Today is Friday, Feb. 2, the 33rd day of 2018. There are 332 days left in the year. This is Groundhog Day.
On Feb. 2, 1943, the remainder of Nazi forces from the Battle of Stalingrad surrendered in a major victory for the Soviets in World War II.
In 1536, present-day Buenos Aires, Argentina, was founded by Pedro de Mendoza of Spain.
In 1653, New Amsterdam — now New York City — was incorporated.
In 1848, the Treaty of Guadalupe Hidalgo, ending the Mexican-American War, was signed.
In 1887, Punxsutawney, Pennsylvania, held its first Groundhog Day festival.
In 1914, Charles Chaplin made his movie debut as the comedy short "Making a Living" was released by Keystone Film Co. The musical "Shameen Dhu," featuring the song "Too Ra Loo Ra Loo Ral," opened on Broadway.
In 1925, the legendary Alaska Serum Run ended as the last of a series of dog mushers brought a life-saving treatment to Nome, the scene of a diphtheria epidemic, six days after the drug left Nenana.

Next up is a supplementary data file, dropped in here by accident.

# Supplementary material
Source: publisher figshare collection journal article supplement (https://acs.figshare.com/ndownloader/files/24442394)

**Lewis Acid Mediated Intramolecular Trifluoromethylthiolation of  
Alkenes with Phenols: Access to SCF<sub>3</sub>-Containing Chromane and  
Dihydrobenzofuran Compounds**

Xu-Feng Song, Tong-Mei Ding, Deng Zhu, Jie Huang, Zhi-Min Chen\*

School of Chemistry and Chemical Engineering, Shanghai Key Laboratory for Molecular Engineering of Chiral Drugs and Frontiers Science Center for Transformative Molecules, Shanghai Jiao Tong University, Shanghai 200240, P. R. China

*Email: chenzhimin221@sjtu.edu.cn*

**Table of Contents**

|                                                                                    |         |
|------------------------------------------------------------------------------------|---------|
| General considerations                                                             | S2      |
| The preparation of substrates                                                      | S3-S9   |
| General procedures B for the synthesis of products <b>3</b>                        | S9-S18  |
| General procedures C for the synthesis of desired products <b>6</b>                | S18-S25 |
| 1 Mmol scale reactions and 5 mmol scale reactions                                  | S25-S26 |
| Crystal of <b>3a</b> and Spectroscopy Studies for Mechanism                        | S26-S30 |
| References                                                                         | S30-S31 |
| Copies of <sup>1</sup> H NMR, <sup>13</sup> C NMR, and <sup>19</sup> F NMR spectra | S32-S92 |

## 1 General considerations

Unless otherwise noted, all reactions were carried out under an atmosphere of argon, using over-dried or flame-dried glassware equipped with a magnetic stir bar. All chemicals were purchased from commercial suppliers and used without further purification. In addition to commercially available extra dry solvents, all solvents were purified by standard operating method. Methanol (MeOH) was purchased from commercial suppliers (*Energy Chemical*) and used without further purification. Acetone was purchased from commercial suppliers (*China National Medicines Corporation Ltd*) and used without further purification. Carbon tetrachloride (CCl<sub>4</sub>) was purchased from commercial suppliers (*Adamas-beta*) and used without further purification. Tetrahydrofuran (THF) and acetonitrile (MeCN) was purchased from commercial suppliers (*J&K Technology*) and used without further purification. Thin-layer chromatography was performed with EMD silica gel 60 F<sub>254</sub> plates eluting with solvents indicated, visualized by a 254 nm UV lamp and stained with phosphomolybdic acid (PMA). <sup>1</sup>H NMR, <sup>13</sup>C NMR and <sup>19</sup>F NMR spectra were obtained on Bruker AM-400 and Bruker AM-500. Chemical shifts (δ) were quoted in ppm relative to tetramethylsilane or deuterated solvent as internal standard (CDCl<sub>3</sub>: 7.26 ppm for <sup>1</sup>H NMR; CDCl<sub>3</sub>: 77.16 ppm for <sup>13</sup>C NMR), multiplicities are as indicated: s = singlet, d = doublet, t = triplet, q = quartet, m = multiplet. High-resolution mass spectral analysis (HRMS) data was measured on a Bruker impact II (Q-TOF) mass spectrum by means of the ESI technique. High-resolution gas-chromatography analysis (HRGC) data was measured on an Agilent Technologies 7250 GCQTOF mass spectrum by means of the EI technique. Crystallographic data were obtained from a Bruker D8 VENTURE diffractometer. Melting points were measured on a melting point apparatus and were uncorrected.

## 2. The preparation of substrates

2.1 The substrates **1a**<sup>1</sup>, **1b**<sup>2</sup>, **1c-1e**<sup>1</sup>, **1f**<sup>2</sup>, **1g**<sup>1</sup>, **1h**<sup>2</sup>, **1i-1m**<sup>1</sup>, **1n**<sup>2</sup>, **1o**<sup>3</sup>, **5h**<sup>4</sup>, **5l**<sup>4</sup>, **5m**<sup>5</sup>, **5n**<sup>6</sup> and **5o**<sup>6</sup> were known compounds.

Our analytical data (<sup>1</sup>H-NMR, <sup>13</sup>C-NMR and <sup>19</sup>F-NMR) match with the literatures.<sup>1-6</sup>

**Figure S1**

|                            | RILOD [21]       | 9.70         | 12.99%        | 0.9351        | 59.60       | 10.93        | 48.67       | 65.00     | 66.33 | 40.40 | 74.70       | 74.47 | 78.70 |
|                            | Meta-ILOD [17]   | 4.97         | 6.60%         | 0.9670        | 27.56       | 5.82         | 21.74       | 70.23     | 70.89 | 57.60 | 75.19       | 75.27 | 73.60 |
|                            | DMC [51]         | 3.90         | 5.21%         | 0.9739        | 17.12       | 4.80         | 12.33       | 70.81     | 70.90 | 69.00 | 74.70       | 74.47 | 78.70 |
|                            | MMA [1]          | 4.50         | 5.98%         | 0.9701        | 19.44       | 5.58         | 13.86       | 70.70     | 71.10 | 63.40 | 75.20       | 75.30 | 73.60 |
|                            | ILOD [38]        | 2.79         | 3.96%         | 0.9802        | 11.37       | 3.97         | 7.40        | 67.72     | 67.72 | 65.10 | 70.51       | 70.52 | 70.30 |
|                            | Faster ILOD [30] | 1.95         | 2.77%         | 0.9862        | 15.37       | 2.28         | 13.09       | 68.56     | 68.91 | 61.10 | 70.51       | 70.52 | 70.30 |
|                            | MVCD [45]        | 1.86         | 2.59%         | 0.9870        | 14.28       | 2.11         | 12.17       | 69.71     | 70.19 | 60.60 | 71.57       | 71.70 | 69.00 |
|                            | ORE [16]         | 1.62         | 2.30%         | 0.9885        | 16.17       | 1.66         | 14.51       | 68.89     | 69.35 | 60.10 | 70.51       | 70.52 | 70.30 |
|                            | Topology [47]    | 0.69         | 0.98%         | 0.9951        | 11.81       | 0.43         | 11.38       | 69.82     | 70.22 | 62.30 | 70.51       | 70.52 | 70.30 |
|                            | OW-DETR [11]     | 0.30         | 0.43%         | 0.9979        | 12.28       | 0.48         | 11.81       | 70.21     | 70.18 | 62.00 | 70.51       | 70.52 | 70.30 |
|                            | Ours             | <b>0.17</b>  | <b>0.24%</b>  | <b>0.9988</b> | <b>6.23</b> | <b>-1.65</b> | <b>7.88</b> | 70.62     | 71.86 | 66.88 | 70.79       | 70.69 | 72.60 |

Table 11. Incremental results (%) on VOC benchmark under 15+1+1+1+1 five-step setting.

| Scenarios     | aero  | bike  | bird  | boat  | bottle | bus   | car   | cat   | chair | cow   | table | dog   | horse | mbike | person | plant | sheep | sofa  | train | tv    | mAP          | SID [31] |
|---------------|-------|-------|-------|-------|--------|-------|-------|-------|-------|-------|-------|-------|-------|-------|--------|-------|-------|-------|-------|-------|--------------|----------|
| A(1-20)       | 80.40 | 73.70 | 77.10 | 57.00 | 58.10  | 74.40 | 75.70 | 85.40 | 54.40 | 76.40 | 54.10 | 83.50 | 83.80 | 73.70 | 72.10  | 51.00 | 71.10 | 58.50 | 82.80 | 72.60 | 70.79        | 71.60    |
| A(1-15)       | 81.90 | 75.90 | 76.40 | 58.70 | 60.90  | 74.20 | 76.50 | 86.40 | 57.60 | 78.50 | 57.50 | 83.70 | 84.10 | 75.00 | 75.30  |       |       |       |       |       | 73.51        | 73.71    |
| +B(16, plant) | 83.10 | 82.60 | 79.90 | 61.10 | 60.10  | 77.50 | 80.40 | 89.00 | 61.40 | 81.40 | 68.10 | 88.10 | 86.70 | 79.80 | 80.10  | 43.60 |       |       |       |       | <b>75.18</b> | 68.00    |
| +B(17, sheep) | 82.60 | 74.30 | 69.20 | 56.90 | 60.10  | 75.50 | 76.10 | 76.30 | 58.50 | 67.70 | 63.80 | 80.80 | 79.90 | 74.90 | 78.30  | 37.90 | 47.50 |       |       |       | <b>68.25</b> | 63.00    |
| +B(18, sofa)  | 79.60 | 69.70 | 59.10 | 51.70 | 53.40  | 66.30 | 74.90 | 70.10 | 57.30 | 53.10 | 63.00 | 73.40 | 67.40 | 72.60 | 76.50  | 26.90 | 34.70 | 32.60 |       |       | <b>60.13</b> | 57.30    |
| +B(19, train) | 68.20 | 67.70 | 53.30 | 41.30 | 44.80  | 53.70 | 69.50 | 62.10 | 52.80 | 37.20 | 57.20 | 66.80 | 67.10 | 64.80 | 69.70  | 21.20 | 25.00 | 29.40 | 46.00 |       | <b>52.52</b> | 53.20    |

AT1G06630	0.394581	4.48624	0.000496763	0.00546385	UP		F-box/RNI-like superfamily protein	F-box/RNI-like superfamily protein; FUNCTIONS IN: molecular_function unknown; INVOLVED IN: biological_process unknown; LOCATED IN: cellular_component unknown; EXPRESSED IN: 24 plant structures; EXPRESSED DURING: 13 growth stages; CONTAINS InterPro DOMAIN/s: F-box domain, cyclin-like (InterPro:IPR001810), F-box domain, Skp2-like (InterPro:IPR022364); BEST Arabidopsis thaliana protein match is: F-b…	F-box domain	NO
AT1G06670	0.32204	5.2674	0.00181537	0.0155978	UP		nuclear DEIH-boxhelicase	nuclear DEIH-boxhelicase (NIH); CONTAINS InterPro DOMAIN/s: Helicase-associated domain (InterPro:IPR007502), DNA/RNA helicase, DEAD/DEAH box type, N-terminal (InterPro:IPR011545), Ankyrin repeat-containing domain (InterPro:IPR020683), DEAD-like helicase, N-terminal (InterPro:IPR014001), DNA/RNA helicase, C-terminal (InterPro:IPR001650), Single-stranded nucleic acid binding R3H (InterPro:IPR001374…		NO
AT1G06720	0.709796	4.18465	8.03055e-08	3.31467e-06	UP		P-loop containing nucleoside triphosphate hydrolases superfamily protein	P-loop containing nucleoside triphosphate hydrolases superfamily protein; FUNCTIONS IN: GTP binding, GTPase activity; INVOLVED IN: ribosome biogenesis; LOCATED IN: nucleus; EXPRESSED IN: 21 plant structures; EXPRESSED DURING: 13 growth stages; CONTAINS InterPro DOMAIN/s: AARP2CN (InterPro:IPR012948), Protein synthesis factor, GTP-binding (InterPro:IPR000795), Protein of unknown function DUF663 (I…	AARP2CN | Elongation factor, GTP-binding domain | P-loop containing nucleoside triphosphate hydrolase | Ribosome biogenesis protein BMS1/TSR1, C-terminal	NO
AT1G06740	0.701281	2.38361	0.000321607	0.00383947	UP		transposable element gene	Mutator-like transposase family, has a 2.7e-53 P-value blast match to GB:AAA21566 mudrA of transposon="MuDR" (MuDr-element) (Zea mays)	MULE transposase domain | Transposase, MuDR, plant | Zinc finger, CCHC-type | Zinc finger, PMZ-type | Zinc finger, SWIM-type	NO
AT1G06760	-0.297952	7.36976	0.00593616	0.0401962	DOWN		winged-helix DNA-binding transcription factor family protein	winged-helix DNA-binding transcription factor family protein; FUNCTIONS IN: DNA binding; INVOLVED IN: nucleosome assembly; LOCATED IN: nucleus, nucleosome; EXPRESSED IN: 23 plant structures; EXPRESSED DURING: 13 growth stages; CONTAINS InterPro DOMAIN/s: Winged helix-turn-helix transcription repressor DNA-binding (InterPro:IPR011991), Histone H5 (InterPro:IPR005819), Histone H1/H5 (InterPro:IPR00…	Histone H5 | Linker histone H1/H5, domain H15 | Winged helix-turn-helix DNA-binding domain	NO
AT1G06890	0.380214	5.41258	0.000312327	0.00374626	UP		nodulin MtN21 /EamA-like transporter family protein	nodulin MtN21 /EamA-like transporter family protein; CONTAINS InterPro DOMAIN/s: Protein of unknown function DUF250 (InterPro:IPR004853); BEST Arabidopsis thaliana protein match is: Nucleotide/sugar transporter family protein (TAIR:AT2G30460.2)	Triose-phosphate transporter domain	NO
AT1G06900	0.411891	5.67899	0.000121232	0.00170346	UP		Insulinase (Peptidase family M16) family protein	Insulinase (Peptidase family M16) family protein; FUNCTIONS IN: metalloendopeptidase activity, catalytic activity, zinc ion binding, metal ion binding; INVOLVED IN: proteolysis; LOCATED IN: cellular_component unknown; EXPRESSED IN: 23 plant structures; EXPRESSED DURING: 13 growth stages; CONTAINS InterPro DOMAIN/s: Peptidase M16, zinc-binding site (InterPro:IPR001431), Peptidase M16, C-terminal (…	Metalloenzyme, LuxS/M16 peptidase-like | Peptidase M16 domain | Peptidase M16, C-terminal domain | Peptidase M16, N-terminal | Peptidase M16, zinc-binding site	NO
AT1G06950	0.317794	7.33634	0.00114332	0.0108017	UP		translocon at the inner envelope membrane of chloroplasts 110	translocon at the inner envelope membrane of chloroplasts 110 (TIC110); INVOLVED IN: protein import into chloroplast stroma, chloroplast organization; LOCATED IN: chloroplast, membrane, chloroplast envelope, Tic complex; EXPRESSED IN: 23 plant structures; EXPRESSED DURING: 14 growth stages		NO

In 1932, Duke Ellington and His Orchestra recorded "It Don't Mean a Thing (If It Ain't Got That Swing)" for Brunswick Records.
In 1959, public schools in Arlington and Norfolk, Virginia, were racially desegregated without incident.
In 1964, Ranger 6, a lunar probe launched by NASA, crashed onto the surface of the moon as planned, but failed to send back any TV images.
In 1971, Idi Amin, having seized power in Uganda, proclaimed himself president.
In 1988, President Ronald Reagan pressed his case for additional aid to the Nicaraguan Contras a day ahead of a vote by the U.S. House of Representatives. (The three major broadcast TV networks declined to carry the speech, which was covered by CNN; a divided House voted to reject Reagan's request for $36.2 million in new aid.)
In 1990, in a dramatic concession to South Africa's black majority, President F.W. de Klerk lifted a ban on the African National Congress and promised to free Nelson Mandela.